Climate and air-quality benefits of a realistic phase-out of fossil fuels.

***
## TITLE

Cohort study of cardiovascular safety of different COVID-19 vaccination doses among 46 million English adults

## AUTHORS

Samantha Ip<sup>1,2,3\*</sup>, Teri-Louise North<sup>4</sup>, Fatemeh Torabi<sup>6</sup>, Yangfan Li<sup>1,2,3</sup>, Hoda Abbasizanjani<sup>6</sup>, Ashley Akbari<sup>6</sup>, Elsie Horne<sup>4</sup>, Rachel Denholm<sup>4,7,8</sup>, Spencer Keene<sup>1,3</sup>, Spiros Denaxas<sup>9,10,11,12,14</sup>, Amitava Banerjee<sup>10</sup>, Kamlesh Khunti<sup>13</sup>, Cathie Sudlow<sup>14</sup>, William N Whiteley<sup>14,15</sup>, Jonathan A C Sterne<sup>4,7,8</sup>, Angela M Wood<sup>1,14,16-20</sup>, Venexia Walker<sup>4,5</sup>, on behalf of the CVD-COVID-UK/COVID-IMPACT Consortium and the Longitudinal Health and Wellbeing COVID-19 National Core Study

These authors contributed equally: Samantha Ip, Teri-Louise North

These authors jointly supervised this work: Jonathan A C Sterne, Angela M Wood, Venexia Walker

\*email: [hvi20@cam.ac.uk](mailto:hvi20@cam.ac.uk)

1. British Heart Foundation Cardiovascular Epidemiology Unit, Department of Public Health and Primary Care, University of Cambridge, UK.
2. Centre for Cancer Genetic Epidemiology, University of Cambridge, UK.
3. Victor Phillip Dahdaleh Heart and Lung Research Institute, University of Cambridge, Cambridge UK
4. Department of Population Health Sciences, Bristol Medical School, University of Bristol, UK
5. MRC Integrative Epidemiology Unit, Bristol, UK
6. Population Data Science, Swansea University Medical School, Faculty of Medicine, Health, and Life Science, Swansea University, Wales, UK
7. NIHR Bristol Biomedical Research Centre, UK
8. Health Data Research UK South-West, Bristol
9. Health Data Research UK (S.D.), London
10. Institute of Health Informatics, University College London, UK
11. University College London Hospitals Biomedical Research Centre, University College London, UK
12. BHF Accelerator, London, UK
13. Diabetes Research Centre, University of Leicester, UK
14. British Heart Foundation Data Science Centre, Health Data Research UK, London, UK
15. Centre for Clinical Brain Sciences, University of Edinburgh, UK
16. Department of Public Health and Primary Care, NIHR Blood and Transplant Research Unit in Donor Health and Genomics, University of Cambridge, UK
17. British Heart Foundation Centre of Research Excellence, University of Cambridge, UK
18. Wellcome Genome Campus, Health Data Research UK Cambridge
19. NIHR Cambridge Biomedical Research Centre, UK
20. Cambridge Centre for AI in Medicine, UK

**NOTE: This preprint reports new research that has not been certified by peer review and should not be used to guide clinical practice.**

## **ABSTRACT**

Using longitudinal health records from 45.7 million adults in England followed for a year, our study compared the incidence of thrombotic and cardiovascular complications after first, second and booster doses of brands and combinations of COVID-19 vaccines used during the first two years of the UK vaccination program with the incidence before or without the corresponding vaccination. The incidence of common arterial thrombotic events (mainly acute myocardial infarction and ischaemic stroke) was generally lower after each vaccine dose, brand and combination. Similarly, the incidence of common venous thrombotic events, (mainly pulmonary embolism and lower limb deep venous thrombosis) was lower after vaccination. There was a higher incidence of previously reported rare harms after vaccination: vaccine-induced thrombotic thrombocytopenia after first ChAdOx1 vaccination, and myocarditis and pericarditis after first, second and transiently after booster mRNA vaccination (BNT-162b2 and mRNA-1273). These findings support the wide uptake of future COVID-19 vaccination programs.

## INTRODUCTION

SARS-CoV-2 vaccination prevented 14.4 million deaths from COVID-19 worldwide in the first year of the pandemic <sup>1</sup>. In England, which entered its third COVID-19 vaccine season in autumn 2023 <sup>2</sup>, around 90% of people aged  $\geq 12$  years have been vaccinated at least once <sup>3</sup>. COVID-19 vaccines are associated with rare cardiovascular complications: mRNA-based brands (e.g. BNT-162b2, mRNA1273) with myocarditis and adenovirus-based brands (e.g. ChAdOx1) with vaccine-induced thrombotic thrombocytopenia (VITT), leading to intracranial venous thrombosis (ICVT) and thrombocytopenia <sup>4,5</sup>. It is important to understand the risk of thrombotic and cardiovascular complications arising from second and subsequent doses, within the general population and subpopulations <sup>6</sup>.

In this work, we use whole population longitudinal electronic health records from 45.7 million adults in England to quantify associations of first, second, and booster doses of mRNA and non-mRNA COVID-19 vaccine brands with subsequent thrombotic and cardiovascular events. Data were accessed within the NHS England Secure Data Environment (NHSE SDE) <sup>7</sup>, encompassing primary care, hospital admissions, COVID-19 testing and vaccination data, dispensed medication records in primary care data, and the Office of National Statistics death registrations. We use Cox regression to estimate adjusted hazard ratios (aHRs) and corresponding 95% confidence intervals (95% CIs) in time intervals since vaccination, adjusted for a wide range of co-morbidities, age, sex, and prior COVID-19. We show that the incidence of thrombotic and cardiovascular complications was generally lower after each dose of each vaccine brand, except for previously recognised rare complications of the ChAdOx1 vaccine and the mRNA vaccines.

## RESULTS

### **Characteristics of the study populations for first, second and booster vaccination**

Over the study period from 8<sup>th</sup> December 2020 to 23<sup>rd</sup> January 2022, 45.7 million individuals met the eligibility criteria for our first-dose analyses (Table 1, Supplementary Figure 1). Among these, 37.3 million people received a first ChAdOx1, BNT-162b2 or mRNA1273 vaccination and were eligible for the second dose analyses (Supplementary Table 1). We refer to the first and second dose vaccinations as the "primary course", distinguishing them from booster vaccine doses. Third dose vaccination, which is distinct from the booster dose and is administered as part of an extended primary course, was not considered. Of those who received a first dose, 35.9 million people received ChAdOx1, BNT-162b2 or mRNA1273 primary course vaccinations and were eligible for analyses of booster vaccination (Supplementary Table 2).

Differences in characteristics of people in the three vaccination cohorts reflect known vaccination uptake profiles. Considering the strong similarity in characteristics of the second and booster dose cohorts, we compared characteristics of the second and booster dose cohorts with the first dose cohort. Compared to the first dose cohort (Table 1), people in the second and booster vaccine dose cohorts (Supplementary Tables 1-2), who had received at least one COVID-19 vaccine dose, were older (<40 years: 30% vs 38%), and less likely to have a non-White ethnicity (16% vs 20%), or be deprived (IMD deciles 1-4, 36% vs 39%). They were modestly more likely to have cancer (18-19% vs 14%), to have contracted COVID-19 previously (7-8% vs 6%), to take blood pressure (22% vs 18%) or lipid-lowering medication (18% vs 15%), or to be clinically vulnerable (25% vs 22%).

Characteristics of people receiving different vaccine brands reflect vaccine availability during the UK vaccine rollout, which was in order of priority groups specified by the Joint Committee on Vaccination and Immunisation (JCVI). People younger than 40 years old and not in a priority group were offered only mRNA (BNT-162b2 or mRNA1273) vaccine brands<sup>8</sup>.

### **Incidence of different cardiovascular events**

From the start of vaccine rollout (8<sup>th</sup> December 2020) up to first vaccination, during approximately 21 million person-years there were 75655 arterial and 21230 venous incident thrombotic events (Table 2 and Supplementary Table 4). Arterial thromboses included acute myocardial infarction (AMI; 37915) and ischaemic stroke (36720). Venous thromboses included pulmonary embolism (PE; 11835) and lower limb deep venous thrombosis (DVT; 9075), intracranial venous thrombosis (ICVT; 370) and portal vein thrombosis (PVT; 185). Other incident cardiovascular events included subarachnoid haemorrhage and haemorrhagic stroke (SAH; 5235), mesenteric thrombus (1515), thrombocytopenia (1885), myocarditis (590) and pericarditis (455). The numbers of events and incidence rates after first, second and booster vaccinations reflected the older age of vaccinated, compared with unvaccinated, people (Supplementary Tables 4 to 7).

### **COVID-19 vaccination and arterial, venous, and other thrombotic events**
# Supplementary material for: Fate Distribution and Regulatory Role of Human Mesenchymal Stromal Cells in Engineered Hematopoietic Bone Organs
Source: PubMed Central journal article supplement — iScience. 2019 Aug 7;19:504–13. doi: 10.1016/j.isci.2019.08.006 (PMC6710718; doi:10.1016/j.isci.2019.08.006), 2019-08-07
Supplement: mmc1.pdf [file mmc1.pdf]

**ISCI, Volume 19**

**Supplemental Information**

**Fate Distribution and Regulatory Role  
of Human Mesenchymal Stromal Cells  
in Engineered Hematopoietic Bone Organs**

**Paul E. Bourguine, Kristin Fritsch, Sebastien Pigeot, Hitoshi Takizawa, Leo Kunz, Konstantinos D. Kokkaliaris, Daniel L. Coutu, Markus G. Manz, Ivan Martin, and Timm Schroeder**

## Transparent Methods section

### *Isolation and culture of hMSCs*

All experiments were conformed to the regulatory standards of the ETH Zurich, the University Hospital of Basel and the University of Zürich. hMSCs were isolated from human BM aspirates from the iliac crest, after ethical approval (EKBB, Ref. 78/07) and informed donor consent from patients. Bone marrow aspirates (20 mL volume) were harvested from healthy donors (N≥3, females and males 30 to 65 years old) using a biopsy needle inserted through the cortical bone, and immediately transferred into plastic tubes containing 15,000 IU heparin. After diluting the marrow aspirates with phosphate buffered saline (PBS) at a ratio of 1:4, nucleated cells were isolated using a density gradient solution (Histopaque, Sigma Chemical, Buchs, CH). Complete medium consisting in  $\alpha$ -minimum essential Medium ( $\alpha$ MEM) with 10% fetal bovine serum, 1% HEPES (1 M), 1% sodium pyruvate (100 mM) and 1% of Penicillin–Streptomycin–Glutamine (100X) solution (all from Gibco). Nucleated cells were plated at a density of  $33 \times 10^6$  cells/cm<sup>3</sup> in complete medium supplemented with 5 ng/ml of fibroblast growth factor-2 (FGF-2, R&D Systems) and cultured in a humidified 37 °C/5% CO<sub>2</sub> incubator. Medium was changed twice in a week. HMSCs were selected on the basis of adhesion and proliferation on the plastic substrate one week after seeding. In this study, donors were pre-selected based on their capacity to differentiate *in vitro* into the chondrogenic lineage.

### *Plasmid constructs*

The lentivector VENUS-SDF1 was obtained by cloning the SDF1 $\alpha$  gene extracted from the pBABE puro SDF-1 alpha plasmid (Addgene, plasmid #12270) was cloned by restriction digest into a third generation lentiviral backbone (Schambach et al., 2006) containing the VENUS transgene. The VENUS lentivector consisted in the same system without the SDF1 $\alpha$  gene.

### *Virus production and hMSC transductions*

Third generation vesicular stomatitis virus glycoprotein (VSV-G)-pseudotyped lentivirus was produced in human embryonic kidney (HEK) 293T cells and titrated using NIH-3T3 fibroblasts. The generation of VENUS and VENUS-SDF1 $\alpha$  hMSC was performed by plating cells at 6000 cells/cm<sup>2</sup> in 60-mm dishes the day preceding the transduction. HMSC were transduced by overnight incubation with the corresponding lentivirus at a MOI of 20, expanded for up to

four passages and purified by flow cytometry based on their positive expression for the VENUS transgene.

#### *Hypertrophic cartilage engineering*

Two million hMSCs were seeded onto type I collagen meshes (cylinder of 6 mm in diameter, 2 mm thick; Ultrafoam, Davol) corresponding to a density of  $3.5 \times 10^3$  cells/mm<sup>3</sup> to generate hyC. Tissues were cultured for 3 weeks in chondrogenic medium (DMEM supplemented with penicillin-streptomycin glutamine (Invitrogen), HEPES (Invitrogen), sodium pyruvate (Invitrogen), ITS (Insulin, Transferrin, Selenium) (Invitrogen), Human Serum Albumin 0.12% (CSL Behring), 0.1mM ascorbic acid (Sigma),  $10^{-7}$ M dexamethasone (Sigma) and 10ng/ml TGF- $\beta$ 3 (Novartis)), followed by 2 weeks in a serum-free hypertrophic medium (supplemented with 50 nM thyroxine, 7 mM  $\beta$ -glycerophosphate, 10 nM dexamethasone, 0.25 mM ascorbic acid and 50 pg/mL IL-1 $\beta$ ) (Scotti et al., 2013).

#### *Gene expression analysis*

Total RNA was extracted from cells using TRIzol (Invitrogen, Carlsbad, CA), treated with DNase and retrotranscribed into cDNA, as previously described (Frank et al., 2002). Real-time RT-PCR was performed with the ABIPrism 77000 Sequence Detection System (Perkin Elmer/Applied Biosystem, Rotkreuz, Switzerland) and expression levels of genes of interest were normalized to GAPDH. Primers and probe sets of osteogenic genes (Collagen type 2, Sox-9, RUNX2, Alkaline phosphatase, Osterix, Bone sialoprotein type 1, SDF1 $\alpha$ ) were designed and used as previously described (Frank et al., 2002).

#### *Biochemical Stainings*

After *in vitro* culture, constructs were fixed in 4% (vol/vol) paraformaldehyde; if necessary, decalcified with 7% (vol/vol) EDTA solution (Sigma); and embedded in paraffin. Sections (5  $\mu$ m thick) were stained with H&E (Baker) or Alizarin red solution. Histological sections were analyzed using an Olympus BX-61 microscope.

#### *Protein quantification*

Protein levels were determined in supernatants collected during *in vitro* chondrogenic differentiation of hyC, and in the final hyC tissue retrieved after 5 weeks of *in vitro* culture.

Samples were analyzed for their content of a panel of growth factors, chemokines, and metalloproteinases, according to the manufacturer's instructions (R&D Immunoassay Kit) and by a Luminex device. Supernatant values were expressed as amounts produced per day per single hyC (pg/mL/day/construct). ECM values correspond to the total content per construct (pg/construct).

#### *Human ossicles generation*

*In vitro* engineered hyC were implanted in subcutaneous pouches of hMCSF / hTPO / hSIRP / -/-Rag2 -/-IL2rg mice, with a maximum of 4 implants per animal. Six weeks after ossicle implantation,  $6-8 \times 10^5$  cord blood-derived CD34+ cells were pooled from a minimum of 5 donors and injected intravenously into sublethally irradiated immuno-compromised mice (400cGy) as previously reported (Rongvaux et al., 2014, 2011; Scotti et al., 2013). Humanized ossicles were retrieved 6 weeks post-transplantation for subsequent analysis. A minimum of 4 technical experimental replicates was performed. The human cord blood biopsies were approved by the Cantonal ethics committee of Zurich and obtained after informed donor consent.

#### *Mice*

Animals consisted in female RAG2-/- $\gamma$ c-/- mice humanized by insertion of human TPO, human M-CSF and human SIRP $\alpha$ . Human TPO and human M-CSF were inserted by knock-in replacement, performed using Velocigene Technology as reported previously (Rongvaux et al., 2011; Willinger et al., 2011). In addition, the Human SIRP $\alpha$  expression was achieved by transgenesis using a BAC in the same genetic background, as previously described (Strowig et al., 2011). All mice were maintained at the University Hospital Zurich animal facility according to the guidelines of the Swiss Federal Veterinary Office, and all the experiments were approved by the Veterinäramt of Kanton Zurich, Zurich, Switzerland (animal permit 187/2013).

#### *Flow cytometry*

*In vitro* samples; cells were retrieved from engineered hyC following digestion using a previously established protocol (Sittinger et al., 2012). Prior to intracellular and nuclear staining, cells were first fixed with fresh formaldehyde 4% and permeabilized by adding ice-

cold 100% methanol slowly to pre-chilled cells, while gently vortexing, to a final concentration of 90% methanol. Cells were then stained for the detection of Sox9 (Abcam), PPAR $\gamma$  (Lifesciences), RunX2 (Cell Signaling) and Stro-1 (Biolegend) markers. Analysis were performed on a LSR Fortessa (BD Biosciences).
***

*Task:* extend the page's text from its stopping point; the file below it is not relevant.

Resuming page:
The combustion of fossil fuels produces emissions of the long-lived greenhouse gas carbon dioxide and of short-lived pollutants, including sulfur dioxide, that contribute to the formation of atmospheric aerosols1. Atmospheric aerosols can cool the climate, masking some of the warming effect that results from the emission of greenhouse gases1. However, aerosol particulates are highly toxic when inhaled, leading to millions of premature deaths per year2,3. The phasing out of unabated fossil-fuel combustion will therefore provide health benefits, but will also reduce the extent to which the warming induced by greenhouse gases is masked by aerosols. Because aerosol levels respond much more rapidly to changes in emissions relative to carbon dioxide, large near-term increases in the magnitude and rate of climate warming are predicted in many idealized studies that typically assume an instantaneous removal of all anthropogenic or fossil-fuel-related emissions1,4-9. Here we show that more realistic modelling scenarios do not produce a substantial near-term increase in either the magnitude or the rate of warming, and in fact can lead to a decrease in warming rates within two decades of the start of the fossil-fuel phase-out. Accounting for the time required to transform power generation, industry and transportation leads to gradually increasing and largely offsetting climate impacts of carbon dioxide and sulfur dioxide, with the rate of warming further slowed by reductions in fossil-methane emissions. Our results indicate that even the most aggressive plausible transition to a clean-energy society provides benefits for climate change mitigation and air quality at essentially all decadal to centennial timescales.
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